The CAVC rejected those assertions for two reasons. First, it concluded that the manual provisions at issue were merely internal statements of policy or interpretation which could not be enforced against VA. Second, CAVC concluded that, if the manual provisions were interpreted as establishing a blanket exception to the statute, such an interpretation would be inconsistent with section 5107(a). Additionally, the Court reiterated its prior holding that section 5107 reflects a Congressional policy that implausible claims should not consume VA’s limited resources and force well-grounded claims into ever greater backlog and delay. The Court also criticized VA’s May 1996 policy directive to fully develop all claims before determining whether they are well grounded, observing that this directive was issued four months after the court’s decision in Grivois and was a blanket exception to 38 U.S.C. section 5107(a) and was also inconsistent with the statute. Morton, which is currently on appeal to the Federal Circuit, required the Compensation and Pension Service to respond with a formal change in its policy.
VA policy after Morton
In August 1999, I issued a letter informing each VA regional office that a number of provisions of our procedural manual were being rescinded as the result of the Morton decision. Thereafter, three veterans’ service organizations filed petitions in the Federal Circuit challenging that letter. The petitioners argue that, despite the CAVC’s finding that the manual provisions are invalid, VA could not rescind those provisions without adhering to notice-and-comment rulemaking procedures of the Administrative Procedures Act. That case is currently being stayed pending resolution of the Morton appeal.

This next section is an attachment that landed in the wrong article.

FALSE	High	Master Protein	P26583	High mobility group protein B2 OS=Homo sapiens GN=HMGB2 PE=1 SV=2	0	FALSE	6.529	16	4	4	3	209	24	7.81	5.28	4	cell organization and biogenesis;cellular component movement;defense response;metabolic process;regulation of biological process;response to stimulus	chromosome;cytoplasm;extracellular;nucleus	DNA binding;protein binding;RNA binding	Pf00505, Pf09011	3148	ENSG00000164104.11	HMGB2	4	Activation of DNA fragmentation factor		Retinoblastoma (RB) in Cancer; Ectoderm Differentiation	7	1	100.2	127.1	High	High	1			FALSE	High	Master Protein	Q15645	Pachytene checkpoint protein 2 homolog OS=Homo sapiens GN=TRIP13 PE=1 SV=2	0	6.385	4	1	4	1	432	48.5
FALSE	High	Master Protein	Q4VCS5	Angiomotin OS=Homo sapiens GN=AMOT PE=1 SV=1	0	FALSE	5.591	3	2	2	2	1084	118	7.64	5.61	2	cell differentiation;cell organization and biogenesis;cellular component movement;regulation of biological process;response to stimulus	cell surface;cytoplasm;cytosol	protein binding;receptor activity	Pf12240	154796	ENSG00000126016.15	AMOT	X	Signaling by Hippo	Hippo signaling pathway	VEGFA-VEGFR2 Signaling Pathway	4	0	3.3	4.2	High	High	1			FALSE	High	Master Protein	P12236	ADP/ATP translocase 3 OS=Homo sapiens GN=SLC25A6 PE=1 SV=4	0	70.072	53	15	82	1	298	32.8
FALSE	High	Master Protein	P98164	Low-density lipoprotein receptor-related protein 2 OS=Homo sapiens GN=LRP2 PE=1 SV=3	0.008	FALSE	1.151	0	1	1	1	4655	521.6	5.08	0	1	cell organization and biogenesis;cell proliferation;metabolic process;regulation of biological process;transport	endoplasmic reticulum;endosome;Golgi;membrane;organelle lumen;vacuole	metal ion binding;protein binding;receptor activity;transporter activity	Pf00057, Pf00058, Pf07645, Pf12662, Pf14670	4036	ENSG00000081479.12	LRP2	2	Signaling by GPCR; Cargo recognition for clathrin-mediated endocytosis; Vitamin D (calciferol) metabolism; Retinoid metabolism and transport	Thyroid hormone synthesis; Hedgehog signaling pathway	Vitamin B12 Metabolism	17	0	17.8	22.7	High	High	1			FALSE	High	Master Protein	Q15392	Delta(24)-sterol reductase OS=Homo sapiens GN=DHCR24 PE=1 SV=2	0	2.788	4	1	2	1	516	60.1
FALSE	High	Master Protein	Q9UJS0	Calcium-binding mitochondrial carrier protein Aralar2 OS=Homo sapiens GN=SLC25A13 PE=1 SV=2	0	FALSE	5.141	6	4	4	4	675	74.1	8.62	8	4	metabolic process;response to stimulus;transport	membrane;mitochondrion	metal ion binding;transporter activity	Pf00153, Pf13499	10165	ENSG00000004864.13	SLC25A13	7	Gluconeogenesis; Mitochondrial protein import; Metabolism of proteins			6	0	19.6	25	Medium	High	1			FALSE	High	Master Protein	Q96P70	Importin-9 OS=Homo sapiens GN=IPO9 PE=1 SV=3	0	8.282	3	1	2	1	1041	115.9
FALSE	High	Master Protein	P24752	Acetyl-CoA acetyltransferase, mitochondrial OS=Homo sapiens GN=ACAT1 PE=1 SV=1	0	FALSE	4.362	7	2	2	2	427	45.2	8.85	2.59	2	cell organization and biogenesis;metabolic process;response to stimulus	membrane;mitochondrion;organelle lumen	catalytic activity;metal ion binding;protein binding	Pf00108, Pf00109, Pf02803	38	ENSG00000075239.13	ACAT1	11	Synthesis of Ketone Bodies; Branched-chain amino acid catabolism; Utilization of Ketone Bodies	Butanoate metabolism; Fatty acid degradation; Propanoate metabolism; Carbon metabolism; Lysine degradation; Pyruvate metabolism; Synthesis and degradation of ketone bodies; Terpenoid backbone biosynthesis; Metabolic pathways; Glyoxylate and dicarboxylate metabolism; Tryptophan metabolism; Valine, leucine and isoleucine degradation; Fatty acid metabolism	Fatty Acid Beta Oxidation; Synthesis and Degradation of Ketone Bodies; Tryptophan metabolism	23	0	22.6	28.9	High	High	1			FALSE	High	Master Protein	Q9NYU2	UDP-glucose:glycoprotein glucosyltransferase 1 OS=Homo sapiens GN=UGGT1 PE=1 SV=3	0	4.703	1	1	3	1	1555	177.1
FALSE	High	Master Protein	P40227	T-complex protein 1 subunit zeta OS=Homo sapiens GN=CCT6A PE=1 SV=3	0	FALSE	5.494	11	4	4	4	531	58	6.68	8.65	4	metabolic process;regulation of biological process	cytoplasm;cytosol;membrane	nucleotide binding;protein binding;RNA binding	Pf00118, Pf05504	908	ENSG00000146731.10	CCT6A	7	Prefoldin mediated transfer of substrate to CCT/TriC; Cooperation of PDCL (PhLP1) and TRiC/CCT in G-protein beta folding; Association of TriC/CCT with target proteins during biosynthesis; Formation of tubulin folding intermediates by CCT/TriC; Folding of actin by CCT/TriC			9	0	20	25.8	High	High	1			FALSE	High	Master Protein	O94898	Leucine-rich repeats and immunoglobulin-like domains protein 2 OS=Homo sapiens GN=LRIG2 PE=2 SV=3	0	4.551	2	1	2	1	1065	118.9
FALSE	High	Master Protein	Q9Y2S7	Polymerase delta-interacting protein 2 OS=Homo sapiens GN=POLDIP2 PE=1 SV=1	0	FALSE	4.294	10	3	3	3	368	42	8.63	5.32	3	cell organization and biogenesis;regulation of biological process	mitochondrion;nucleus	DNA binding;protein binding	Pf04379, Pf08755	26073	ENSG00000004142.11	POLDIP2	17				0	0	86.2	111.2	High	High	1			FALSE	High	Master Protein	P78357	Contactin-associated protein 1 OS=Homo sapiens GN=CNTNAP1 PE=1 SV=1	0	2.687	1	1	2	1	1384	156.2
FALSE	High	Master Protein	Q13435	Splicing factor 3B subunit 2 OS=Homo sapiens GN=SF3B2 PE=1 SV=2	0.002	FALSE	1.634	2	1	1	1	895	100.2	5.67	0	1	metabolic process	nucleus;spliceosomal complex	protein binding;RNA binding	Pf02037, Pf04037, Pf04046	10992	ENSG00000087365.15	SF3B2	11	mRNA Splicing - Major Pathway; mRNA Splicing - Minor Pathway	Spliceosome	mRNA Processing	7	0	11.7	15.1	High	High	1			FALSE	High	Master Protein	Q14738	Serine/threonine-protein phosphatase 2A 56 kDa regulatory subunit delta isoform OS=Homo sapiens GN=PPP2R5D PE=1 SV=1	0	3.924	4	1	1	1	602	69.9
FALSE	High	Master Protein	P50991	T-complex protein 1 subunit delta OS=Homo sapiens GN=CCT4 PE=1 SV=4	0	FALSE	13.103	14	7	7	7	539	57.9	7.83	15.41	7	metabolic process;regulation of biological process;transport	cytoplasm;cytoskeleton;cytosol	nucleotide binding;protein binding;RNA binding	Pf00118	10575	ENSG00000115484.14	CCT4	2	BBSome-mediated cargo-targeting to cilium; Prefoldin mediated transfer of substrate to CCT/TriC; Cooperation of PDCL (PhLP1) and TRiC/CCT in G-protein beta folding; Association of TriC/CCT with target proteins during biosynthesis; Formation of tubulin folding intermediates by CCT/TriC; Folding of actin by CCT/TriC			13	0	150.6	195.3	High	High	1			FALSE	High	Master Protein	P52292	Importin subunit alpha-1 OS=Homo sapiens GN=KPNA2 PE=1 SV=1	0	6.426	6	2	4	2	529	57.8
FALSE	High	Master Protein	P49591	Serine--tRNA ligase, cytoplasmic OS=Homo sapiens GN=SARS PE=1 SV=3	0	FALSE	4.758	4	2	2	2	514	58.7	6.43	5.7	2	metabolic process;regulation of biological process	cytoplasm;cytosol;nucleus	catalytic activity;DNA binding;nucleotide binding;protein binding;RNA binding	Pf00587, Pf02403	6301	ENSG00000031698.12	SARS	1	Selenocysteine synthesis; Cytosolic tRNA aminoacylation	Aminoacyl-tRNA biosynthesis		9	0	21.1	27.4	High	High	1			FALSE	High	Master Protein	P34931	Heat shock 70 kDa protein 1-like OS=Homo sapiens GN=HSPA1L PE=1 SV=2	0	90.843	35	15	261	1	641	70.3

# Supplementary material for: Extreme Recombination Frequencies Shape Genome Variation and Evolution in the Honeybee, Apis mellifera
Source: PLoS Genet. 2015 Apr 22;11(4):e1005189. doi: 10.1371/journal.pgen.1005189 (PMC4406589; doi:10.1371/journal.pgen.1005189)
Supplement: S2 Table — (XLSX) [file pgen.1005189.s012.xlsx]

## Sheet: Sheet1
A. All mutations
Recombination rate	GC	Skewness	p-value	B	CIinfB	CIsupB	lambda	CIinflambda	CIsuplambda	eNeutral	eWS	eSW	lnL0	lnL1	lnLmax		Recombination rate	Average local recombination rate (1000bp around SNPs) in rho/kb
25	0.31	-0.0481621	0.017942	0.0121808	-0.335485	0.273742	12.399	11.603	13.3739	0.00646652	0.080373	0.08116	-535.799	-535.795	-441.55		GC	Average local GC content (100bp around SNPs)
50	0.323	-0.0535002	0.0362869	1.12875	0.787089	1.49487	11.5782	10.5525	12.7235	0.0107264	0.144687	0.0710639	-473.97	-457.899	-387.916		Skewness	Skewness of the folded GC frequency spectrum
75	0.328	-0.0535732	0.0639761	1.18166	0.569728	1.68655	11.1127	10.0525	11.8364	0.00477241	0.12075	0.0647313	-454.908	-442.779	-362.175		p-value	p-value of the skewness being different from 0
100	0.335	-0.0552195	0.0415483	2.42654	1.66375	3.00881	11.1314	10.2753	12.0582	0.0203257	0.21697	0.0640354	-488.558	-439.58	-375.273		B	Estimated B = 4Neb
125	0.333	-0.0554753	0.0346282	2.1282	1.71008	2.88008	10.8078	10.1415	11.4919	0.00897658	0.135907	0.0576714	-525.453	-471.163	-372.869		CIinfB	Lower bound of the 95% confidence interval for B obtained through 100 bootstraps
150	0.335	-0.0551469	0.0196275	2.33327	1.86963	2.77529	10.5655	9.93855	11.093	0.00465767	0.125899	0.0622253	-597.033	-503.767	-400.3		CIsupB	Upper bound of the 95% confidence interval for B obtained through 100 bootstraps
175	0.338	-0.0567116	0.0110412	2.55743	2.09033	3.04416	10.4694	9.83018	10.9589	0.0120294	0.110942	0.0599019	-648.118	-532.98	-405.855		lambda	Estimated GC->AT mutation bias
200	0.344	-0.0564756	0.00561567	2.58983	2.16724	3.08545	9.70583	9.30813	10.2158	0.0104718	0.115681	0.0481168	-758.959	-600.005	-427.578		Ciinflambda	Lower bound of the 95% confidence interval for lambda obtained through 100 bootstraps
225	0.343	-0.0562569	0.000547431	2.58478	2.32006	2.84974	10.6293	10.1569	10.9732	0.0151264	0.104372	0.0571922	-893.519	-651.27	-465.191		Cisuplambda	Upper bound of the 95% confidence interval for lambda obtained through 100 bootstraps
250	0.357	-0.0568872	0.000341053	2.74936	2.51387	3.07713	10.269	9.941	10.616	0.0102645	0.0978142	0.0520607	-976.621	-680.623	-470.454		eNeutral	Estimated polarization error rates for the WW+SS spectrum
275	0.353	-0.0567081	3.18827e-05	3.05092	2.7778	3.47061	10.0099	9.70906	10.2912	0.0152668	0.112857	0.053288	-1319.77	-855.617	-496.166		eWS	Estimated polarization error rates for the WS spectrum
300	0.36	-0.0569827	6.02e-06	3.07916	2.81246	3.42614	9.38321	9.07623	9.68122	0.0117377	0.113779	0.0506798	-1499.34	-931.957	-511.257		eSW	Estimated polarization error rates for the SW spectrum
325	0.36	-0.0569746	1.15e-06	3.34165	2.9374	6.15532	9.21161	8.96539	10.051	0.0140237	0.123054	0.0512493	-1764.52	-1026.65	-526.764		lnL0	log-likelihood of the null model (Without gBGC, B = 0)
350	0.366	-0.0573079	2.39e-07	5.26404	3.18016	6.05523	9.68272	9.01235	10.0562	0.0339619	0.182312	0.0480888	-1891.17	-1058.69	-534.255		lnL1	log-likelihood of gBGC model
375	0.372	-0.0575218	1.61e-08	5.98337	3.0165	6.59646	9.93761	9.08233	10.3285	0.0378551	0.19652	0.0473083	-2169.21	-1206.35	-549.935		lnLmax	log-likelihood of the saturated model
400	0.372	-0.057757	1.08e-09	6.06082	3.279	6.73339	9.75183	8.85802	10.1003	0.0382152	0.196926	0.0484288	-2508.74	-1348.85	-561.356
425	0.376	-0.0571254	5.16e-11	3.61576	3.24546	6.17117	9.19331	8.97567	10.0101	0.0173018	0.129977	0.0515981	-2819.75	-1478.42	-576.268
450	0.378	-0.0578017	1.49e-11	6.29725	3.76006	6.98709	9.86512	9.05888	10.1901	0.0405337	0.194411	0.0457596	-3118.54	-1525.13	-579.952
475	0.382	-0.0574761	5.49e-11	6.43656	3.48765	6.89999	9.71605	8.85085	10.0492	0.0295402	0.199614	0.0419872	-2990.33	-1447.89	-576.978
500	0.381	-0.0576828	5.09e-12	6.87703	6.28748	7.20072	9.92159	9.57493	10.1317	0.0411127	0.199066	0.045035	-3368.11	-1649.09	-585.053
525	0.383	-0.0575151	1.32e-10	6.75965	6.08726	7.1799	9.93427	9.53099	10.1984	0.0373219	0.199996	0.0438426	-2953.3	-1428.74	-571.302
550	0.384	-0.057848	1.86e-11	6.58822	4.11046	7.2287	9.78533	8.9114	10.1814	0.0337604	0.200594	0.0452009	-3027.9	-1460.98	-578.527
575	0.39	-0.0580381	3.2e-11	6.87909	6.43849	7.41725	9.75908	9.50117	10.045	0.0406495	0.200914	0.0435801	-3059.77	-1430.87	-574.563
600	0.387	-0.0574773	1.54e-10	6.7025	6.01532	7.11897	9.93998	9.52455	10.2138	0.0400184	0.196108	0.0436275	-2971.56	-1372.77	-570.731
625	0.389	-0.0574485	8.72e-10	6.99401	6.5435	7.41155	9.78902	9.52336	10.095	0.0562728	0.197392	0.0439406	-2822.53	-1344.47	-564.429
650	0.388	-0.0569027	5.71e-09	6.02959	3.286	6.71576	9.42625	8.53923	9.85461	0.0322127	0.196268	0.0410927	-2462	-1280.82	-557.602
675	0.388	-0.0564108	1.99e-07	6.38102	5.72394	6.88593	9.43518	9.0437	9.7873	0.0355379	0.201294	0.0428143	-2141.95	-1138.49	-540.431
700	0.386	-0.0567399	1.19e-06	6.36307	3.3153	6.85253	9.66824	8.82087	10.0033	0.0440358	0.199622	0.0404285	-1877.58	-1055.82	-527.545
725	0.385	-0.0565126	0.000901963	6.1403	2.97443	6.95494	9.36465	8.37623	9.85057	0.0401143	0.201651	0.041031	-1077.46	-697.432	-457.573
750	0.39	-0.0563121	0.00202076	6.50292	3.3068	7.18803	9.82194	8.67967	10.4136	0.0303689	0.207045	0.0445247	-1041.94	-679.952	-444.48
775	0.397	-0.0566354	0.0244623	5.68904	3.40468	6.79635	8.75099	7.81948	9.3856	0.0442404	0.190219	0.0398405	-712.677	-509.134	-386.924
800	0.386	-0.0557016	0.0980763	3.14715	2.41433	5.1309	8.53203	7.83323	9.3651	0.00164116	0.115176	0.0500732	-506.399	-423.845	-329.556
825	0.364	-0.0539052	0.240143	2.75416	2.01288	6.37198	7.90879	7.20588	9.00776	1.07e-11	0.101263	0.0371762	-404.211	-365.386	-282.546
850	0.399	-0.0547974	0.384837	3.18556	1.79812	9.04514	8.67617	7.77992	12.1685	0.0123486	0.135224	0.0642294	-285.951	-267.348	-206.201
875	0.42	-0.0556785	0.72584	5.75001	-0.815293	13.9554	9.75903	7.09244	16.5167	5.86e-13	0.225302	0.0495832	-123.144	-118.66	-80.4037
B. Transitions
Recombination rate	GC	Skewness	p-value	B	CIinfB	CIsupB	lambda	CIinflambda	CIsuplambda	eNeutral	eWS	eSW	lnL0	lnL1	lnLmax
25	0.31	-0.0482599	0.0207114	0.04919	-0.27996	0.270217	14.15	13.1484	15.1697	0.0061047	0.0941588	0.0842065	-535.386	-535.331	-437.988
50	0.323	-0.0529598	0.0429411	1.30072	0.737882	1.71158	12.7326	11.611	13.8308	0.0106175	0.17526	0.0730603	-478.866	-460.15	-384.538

The August 1999 Letter instructed our regional offices to follow this interim policy implementing the Morton decision pending proposed rulemaking:
(1) Review all claims, both pending and future, to determine whether they are well grounded prior to beginning development; (2) if a claim is not well grounded, send the claimant a letter informing him or her of the evidence required to well ground the claim, and provide 30 days for the submission of this evidence; (3) if not already of record, obtain any pertinent medical or service records in VA custody and review them to determine if they well ground the claim; (4) refrain from developing for any private treatment records and other non-VA documents or from scheduling a VA examination on claims which are not well grounded; and (5) at the end of 30 days, review any evidence of record to determine whether the claim is well grounded. If it is, develop further evidence to decide the merits of the claim. If it is not, deny it as not well grounded.
This policy represents a fundamental shift in the VA claims process. Based on our own review of regional office procedures as well as feedback we received from some service organizations, we believe that some regional offices have struggled to apply it in individual cases. We have sought to clarify any misunderstanding on the part of our regional offices as to how to implement the Morton decision by informal training sessions, with more formal training on claims development procedures once this policy is formalized by regulation.
Proposed Revision to 38 C.F.R. §3.159
On December 2, 1999, VA published a notice of proposed rulemaking for public comment concerning well-grounded claims and the duty to assist in volume 64 of the Federal Register at pages 67,528 to 67,534. Although the Morton decision indicates that VA cannot establish a blanket exception to section 5107(a) which would wholly swallow the statutory rule, VA does have the authority to establish reasonable, limited exceptions to the well-grounded claim requirement. Therefore, consistent with currently controlling judicial precedents, the proposed rule includes important exceptions to a general rule that claimants must present plausible claims before the Department’s duty to assist arises.